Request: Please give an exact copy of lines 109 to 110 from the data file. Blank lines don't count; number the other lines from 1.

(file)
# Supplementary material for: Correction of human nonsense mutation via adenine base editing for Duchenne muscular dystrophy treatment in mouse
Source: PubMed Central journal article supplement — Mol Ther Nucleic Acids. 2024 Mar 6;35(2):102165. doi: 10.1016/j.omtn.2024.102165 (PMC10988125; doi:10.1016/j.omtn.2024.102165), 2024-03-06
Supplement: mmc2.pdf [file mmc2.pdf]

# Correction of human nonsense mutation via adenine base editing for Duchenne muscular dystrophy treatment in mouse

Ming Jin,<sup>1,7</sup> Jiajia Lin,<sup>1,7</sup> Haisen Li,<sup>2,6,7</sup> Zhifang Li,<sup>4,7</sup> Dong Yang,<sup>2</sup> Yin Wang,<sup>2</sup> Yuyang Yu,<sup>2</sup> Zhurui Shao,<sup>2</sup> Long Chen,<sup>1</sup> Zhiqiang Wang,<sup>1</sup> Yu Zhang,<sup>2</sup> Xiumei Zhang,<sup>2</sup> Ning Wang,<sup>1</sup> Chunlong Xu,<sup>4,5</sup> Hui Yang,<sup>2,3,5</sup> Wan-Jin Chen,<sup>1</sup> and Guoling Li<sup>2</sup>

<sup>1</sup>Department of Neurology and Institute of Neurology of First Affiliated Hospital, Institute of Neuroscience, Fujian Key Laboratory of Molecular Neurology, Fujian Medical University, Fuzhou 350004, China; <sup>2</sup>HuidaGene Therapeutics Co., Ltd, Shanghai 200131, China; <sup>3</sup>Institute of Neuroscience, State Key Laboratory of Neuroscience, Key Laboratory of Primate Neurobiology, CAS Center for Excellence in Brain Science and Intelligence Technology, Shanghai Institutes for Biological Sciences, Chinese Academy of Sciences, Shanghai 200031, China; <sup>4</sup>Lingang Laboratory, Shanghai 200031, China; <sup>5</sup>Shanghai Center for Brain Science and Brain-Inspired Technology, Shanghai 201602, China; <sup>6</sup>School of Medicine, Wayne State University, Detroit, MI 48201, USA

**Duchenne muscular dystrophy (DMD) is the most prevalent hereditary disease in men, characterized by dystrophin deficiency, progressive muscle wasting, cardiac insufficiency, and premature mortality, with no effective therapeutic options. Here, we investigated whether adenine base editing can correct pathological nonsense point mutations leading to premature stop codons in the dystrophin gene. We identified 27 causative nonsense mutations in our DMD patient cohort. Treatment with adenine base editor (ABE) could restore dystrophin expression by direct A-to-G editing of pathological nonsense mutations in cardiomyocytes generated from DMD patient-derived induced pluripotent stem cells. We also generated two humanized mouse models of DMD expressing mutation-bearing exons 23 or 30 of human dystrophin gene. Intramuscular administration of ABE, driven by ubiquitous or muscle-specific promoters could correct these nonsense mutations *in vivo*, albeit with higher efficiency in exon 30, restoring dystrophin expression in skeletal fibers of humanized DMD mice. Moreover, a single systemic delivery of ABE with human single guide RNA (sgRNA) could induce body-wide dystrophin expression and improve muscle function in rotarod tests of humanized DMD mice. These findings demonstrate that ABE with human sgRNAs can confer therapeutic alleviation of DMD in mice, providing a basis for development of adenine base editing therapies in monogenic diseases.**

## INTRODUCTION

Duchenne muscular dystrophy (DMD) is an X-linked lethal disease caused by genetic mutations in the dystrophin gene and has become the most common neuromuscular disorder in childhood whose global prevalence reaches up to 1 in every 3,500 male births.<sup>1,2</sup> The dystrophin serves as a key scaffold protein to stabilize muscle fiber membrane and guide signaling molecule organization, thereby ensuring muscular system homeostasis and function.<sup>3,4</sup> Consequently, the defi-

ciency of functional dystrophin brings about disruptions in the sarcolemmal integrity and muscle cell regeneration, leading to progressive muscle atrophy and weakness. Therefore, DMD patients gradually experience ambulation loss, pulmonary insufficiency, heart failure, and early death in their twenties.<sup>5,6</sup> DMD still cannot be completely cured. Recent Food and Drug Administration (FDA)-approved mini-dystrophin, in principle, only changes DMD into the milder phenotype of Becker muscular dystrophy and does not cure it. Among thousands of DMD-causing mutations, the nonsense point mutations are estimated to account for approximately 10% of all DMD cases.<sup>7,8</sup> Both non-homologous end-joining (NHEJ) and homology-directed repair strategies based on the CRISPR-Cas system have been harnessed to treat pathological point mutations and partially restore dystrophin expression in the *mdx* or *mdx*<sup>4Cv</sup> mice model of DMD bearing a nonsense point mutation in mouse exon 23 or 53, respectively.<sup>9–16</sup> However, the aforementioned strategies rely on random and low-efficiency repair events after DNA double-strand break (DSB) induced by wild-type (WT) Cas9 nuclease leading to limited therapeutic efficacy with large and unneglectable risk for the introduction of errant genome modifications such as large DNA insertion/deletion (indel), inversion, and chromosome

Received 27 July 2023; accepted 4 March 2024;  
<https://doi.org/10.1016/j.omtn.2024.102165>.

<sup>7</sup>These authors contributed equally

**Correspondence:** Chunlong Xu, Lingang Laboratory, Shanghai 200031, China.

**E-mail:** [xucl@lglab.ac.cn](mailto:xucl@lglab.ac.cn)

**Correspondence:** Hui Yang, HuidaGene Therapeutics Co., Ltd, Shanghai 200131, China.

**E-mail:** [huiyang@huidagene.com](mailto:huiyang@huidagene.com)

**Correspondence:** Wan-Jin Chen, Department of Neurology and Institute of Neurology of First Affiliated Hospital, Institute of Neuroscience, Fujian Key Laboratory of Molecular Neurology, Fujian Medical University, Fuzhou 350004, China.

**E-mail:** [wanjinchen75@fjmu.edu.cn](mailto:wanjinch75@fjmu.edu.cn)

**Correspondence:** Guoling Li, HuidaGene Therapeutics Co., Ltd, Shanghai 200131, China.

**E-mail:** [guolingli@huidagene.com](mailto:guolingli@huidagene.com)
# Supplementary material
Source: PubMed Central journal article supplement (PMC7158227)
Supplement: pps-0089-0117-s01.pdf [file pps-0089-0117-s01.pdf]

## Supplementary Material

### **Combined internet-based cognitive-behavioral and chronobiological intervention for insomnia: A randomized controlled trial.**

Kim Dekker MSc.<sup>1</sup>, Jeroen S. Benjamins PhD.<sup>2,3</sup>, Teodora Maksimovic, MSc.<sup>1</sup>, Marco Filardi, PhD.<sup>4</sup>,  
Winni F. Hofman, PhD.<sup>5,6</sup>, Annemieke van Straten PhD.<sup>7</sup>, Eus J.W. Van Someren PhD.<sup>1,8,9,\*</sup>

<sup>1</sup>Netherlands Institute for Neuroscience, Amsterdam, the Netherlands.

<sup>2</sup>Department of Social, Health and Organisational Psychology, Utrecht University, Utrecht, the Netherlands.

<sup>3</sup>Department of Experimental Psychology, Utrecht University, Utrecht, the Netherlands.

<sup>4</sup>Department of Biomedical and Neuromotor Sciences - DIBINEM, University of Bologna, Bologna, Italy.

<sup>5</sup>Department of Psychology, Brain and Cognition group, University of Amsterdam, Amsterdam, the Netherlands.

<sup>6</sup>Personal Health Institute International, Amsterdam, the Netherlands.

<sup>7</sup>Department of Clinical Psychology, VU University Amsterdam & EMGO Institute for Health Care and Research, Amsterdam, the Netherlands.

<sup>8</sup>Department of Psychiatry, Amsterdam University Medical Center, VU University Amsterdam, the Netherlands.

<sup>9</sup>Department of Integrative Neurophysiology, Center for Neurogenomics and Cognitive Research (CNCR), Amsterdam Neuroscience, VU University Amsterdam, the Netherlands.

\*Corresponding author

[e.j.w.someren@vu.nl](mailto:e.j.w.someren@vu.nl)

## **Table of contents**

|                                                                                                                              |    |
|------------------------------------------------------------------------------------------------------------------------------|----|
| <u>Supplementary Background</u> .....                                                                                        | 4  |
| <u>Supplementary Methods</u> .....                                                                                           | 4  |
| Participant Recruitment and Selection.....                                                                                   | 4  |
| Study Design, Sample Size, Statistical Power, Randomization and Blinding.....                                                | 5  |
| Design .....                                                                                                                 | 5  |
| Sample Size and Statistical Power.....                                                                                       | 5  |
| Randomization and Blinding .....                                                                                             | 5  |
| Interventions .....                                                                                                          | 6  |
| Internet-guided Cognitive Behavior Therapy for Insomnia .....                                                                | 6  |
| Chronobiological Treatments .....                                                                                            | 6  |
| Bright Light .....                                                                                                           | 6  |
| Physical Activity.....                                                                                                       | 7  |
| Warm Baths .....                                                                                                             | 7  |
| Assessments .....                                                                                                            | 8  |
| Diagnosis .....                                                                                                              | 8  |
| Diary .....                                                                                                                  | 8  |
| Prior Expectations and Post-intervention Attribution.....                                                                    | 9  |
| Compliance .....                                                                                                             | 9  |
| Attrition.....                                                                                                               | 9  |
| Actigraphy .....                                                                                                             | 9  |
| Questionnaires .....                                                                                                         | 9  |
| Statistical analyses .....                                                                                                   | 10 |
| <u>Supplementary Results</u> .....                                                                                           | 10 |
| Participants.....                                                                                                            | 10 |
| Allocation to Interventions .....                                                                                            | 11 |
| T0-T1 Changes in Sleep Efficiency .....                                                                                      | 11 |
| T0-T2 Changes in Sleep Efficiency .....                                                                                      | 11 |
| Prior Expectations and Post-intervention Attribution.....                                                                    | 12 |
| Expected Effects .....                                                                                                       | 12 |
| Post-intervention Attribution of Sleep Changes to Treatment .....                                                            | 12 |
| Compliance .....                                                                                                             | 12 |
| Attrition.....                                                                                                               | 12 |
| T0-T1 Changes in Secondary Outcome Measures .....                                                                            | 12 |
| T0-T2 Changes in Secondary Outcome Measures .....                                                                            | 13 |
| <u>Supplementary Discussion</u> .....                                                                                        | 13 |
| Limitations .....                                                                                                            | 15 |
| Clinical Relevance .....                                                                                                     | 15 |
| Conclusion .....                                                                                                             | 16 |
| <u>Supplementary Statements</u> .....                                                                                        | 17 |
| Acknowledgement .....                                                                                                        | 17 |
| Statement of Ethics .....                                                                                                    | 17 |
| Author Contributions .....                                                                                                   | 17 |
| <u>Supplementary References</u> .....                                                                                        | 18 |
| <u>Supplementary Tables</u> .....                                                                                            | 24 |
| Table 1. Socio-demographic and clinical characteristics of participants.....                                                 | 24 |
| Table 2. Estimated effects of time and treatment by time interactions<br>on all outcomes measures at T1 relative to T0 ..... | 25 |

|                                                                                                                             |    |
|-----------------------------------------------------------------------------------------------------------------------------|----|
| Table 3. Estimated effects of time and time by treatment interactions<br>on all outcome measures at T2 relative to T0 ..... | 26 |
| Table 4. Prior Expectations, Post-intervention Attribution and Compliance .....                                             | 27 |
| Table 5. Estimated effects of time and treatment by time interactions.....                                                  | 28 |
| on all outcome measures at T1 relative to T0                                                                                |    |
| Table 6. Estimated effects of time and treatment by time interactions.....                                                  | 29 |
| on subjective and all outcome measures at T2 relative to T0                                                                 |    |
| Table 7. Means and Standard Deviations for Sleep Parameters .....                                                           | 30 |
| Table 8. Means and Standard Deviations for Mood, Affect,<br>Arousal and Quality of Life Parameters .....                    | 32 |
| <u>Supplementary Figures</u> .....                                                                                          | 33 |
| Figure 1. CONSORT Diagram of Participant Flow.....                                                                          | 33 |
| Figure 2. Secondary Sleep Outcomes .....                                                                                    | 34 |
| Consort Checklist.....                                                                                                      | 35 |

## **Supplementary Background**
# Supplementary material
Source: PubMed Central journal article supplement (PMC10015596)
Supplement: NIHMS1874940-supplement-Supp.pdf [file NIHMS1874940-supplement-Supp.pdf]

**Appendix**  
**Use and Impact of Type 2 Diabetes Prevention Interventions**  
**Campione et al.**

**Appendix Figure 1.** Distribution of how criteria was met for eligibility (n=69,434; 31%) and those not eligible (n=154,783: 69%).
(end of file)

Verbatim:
**Campione et al.**

**Appendix Figure 1.** Distribution of how criteria was met for eligibility (n=69,434; 31%) and those not eligible (n=154,783: 69%).